Newswriting Class Explores Untold Stories of Chicago ImmigrantsMarch 15, 2005
By Belinda Lichty Clarke, MSJ94
Chicago has an unofficial reputation for being one of the more immigrant-friendly cities. However, undergraduates taking Newswriting 301 this quarter discovered that there are many issues facing the Asian, Mexican, Puerto Rican and Eastern European communities in Chicago that don’t get reported in the news.
The 15 students, led by Assistant Professor Michele Weldon and Greg Stephan, an adjunct lecturer in broadcast, developed in-depth group stories as well as 15 individual profiles on immigrant families, educators, volunteers, nonprofit directors and business owners. Additionally, they condensed their print work into five separate 5-minute broadcasts which were shown to students and faculty on March 11 at the McCormick Tribune Forum.
"The students worked incredibly hard on a difficult topic requiring them to move around to many different neighborhoods in Chicago and interview sources, often with an interpreter,” Weldon said. “They showed great reporting skills far beyond our expectation.”
The five news segments covered a variety of topics. The first, “Welcome or Warning: Does the City of Big Shoulders Embrace Immigrants with Open Arms?” discussed the issues faced by immigrants who are permanent residents looking to obtain citizenship. The three students working on this angle talked to community members who use local services for citizenship preparation, including the New Americans Initiative in Chicago.
The second story focused on some of the daily hurdles immigrants face, for example overcrowding in the public schools and neighborhood crime, specifically in Pilsen, which is Chicago’s large Mexican/American community.
“I was struck by how easy it was to find what we were looking for,” said Melanie Wong, BSJ07. “It was not hard to find people to provide examples for the issues we had heard coming from the community leaders.”
The third student group chose health care as their topic and found immigrants to share their stories about how people of all ages, many who are uninsured, are forced to either neglect their routine healthcare or look to the community for help. As part of their story, the students interviewed a teenager named Leonardo Sanchez who is suffering from kidney disease. Sanchez relies on public aid for his daily dialysis, however his family has started a local fundraiser to collect enough money for a transplant, which the government will not cover.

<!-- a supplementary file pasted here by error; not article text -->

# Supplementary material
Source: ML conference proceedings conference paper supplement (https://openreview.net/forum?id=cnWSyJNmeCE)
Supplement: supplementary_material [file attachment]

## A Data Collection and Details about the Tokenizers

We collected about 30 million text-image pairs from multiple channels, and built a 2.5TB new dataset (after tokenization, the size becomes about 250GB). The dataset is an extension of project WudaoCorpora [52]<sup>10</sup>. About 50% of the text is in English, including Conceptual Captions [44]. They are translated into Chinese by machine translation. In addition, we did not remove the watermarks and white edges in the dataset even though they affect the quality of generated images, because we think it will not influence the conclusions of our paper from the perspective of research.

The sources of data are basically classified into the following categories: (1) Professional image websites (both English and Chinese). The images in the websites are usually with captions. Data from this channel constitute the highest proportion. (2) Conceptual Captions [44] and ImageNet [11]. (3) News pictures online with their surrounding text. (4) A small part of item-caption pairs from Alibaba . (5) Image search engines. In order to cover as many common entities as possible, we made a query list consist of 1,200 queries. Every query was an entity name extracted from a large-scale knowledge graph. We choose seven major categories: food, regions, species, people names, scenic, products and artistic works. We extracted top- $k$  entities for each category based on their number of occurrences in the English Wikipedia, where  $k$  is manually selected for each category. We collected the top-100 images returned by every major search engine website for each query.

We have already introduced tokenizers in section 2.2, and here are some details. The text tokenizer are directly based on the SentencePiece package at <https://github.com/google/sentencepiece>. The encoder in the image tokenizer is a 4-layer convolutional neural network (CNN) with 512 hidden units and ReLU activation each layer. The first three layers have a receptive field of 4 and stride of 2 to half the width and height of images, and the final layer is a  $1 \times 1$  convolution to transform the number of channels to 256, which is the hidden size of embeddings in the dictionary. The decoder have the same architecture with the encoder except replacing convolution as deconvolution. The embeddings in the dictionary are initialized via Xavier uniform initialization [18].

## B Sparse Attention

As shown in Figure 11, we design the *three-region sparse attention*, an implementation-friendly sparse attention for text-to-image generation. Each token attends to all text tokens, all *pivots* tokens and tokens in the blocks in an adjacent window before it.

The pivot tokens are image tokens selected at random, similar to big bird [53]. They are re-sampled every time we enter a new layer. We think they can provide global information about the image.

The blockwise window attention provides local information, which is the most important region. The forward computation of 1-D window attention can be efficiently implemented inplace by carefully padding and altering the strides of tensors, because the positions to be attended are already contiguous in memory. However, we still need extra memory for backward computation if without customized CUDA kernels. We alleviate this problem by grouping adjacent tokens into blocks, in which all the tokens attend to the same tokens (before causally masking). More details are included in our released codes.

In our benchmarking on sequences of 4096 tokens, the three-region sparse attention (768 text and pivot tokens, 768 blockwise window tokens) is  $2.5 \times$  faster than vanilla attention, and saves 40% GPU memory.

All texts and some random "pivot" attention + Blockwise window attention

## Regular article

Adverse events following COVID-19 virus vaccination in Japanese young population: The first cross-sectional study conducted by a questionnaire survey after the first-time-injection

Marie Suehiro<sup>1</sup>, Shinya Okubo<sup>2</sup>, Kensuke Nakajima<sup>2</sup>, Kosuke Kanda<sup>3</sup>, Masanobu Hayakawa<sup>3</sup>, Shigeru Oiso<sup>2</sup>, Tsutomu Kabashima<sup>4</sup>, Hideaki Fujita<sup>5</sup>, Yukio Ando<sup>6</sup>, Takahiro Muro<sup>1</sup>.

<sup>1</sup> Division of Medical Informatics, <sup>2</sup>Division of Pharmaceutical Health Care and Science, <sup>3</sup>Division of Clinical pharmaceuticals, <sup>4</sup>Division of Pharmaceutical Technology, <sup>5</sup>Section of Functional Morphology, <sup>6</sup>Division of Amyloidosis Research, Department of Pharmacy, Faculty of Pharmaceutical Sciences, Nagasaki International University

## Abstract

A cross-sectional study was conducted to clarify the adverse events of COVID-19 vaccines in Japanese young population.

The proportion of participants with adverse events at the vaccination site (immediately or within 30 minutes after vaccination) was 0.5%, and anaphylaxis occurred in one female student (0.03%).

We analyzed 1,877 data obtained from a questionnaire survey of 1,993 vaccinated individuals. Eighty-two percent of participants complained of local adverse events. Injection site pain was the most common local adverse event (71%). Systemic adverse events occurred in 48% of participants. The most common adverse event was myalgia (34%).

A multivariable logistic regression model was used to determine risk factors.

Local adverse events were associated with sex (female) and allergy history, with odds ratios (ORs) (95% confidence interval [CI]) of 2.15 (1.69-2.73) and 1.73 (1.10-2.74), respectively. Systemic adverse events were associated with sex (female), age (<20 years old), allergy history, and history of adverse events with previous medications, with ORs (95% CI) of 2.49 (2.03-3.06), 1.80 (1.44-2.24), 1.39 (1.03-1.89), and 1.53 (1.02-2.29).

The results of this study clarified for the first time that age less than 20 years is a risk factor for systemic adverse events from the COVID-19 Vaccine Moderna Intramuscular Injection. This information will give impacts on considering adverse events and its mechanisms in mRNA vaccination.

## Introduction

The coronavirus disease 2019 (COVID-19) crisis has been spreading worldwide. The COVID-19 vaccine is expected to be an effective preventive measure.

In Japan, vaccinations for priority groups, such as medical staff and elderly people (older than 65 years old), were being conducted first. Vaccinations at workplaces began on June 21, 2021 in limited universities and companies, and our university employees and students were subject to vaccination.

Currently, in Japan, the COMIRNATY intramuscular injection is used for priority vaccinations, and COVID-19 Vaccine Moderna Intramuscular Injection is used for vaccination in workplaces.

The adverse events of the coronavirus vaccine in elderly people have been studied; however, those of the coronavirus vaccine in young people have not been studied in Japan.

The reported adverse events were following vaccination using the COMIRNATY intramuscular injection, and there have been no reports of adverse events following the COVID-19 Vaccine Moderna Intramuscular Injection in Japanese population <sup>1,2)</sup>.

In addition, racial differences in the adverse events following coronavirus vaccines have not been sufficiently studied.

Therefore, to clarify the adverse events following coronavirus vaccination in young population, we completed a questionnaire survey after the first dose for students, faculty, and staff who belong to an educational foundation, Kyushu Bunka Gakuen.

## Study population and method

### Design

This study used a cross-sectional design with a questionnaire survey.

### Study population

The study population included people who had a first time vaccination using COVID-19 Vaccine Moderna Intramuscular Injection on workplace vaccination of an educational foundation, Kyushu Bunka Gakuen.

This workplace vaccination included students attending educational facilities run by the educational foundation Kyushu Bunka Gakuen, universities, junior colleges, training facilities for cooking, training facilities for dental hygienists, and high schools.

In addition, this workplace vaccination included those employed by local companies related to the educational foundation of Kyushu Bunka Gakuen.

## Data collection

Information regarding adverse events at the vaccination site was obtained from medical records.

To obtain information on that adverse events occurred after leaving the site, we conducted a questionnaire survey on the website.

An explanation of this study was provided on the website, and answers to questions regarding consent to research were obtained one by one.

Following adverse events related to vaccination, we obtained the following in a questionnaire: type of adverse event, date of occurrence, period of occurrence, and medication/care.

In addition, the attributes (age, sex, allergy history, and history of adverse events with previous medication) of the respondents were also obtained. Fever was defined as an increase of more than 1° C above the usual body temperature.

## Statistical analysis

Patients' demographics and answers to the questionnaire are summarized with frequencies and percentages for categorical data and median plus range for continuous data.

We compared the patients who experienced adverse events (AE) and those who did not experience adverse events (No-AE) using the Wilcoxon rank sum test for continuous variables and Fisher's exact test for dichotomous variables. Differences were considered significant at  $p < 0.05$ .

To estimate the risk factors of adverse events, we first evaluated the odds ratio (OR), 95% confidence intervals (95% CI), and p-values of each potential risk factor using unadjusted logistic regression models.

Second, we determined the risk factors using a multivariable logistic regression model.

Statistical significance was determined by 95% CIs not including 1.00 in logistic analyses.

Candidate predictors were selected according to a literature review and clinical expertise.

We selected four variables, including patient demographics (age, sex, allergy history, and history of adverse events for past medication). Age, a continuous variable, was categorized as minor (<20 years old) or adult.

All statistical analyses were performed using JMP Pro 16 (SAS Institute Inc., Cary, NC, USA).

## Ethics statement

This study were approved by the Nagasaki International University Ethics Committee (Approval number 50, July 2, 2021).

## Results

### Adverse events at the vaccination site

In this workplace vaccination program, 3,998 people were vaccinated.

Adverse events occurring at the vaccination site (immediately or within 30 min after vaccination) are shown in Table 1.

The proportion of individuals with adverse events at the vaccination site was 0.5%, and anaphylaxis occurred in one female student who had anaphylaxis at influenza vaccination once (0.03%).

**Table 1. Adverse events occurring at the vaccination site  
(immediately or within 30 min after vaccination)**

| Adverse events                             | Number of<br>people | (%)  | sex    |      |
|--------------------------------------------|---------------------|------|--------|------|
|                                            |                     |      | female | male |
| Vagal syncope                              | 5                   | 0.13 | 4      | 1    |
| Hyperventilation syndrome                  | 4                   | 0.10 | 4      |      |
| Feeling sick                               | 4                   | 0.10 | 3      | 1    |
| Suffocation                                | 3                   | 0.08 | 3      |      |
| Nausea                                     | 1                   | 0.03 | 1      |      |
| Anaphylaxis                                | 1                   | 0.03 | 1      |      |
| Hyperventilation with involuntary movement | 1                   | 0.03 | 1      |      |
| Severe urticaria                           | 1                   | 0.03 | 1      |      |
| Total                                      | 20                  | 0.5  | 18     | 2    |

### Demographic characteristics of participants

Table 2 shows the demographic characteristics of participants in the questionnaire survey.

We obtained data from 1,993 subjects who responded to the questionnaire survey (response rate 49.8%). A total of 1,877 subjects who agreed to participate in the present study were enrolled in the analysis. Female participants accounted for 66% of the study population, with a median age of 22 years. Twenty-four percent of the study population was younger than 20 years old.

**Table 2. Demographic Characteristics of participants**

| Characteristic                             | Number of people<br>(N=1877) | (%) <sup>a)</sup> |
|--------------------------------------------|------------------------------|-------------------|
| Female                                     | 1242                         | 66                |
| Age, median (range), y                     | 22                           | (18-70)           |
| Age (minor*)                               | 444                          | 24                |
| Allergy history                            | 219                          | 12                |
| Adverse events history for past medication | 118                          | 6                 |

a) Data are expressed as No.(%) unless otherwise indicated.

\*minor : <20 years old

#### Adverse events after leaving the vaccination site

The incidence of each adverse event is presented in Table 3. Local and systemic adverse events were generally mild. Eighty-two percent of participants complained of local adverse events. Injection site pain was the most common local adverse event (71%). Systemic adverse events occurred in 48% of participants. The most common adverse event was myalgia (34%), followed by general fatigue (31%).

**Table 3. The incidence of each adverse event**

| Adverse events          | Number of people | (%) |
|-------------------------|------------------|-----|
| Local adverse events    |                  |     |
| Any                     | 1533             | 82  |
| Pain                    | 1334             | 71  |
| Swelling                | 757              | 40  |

According to the students, it wasn’t until the end of the project that they discovered Sanchez as the source who could best "put a face on their story.”
During the presentation, the topic came up about whether or not the students had deliberated putting the phone number on their broadcast to help generate donations for the Sanchez family. According to Weldon, the students wanted to post the number but she felt that doing so compromised the objectivity of the students’ report.
The fourth student group talked to immigrants who for various reasons are currently living in the U.S. but who plan to return to their native country. The segment, called “Should I Stay or Should I Go: Immigrants Face a Culture of War of Two Worlds,” cited the language barrier as a driving factor for those immigrants who want to return home. The students covering this topic admitted to having to address various roadblocks during the course of their reporting, namely that the sources they had identified to interview had either moved or wouldn’t call them back.
“You just have to go with what you can get, which I guess helped us be more creative,” said Mike Laskasky, BSJ07.
The fifth and final story profiled a Chicago group called Changing Worlds which, among other things, has helped create a program in one Chicago public elementary school, Hibbard Elementary, that teaches students about cross-cultural understanding through oral history, writing and art programs. In fact, said Weldon, Changing Worlds was the driving factor for making issues in the Chicago immigrant community the focus of the student projects this quarter.
As part of her individual reporting, Laura Moore, BSJ07, said that she was shocked by the lack of similar programs in place throughout the country.
“I expected to be inundated with groups but found surprisingly few,” Moore said. “The Changing Worlds program is unique, but it’s growing.”
Kay Berkson, board president and founder of Changing Worlds, was on hand for the presentation and commended each of the groups for their hard work, specifically the Changing Worlds group for their comprehensive coverage. The student broadcasts and expanded print stories for this course will be on the Medill Web site starting in April in the Student Work section.